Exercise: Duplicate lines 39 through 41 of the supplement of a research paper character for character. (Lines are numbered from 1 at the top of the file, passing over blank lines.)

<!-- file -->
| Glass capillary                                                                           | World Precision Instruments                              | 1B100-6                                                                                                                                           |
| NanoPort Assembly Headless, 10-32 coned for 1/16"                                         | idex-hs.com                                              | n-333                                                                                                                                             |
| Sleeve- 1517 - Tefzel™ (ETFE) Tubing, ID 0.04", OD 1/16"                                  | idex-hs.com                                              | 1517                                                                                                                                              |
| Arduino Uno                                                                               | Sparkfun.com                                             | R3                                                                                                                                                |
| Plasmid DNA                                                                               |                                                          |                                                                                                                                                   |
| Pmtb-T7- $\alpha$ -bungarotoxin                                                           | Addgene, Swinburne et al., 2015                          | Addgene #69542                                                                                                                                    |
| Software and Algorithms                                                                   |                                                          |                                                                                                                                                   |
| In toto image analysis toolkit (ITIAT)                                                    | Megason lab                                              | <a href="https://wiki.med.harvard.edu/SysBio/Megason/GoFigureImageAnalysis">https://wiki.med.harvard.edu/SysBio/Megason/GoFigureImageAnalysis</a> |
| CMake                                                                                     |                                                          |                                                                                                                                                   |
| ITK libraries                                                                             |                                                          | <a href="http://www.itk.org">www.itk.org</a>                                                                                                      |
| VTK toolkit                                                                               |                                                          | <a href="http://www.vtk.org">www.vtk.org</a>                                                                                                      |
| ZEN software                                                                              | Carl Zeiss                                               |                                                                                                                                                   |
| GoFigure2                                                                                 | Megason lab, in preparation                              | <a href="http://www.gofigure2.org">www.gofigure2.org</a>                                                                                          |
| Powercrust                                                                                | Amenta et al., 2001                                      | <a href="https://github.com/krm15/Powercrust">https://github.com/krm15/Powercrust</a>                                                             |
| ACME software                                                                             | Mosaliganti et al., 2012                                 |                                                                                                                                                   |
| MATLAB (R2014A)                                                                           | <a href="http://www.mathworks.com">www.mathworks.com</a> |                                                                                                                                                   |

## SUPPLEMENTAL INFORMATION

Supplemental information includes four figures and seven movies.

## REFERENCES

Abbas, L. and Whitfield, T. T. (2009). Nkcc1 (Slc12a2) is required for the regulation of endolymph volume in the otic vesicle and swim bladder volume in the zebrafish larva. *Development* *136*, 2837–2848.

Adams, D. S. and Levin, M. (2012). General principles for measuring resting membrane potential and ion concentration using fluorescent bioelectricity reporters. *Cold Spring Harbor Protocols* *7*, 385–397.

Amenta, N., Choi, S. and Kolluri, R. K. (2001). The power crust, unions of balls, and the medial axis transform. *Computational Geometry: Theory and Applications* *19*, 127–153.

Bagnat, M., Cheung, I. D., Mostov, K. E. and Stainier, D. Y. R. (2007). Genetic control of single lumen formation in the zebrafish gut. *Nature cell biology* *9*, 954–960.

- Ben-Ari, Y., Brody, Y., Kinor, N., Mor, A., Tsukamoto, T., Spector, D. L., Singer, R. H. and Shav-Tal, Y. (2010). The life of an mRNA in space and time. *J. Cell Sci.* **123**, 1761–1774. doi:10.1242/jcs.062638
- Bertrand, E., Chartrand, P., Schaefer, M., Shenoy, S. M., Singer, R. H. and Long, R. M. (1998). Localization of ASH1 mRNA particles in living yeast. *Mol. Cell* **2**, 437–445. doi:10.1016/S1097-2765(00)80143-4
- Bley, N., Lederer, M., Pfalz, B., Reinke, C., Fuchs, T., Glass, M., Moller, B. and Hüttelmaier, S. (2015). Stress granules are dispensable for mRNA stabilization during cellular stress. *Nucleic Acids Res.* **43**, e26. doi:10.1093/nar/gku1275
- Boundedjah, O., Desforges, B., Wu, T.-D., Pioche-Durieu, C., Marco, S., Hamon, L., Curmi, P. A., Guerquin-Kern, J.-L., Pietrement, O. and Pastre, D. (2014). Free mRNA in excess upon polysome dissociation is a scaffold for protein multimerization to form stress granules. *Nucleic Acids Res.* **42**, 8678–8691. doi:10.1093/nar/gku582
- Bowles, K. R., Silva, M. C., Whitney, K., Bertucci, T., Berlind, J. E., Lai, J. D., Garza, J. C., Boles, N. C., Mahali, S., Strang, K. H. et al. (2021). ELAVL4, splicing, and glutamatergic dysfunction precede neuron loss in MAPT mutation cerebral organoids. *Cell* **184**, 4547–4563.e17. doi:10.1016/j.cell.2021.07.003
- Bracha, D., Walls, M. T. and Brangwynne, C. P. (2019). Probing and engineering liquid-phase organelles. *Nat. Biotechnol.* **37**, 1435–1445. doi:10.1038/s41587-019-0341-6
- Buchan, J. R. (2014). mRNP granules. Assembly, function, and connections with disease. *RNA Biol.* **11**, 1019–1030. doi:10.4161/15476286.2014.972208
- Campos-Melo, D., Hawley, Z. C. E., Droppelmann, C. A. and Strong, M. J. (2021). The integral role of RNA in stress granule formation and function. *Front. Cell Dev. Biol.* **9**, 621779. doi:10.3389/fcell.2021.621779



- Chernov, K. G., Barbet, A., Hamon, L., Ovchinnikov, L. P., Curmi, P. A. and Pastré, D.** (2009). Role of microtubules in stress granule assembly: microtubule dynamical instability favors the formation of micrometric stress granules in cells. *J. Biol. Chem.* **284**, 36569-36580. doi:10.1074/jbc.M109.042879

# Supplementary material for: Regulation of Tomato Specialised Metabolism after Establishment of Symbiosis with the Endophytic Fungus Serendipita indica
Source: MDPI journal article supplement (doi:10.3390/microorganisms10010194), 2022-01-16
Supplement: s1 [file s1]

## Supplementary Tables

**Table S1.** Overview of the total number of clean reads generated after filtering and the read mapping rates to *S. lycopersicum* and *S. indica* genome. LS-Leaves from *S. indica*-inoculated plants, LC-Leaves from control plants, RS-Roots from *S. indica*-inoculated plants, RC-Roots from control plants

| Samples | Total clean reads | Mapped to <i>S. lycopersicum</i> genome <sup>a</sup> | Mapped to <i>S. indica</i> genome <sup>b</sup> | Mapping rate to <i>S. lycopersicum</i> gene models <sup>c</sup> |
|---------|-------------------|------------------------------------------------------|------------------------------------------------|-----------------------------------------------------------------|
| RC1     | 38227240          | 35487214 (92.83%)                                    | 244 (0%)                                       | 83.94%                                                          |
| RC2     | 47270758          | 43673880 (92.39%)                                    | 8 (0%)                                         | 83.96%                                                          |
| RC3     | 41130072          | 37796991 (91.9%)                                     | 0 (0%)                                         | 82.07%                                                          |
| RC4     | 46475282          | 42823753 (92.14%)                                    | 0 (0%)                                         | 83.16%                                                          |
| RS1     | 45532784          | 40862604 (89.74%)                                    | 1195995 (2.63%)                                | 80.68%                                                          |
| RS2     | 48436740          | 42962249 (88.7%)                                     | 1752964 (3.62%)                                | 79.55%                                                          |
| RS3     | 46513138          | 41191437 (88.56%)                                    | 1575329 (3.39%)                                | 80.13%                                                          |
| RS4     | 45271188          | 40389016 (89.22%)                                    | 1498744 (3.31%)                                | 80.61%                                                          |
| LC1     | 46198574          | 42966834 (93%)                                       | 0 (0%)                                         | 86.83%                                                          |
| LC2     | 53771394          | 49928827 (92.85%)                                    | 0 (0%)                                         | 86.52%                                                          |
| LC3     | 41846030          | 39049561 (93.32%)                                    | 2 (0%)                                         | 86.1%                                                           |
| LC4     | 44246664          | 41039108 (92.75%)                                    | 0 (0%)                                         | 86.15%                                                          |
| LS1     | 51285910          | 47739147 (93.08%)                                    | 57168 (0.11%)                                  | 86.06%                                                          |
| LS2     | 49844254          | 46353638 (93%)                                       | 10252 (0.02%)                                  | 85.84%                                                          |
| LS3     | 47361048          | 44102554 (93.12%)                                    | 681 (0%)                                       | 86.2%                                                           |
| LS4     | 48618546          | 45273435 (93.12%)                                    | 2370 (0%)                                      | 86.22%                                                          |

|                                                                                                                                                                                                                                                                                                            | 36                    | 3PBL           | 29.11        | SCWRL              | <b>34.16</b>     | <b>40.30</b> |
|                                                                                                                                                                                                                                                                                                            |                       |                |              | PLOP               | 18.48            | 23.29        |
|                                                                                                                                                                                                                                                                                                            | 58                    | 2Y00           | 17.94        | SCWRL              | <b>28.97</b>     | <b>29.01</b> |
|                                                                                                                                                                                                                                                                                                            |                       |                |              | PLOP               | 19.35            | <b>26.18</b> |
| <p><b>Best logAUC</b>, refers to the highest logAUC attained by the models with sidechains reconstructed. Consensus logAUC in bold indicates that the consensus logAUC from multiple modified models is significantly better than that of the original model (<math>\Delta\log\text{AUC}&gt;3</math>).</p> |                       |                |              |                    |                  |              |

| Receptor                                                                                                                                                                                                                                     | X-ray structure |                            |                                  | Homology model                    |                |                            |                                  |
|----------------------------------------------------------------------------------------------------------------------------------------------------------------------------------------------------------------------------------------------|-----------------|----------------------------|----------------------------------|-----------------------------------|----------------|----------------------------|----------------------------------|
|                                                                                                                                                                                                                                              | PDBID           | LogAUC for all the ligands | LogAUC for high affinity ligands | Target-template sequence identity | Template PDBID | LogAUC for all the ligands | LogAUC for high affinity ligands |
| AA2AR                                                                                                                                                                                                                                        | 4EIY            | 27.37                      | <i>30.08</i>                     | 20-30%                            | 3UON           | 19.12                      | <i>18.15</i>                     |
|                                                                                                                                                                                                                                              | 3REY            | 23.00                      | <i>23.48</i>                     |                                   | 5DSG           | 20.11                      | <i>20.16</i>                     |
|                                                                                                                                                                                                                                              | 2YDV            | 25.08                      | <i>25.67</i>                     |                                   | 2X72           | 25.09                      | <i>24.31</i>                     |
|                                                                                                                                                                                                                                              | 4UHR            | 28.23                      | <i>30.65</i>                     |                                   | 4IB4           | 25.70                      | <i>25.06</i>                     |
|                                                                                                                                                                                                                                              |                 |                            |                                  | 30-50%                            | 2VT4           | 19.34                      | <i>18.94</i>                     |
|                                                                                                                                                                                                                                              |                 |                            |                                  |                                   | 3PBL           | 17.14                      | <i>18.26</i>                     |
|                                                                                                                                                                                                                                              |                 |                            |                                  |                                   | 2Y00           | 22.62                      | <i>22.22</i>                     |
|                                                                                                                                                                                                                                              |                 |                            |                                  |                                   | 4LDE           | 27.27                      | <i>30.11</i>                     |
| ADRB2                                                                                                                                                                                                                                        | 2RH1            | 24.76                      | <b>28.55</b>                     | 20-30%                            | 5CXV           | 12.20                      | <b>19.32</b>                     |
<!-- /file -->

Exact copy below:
|---------|-------------------|------------------------------------------------------|------------------------------------------------|-----------------------------------------------------------------|
| RC1     | 38227240          | 35487214 (92.83%)                                    | 244 (0%)                                       | 83.94%                                                          |
| RC2     | 47270758          | 43673880 (92.39%)                                    | 8 (0%)                                         | 83.96%                                                          |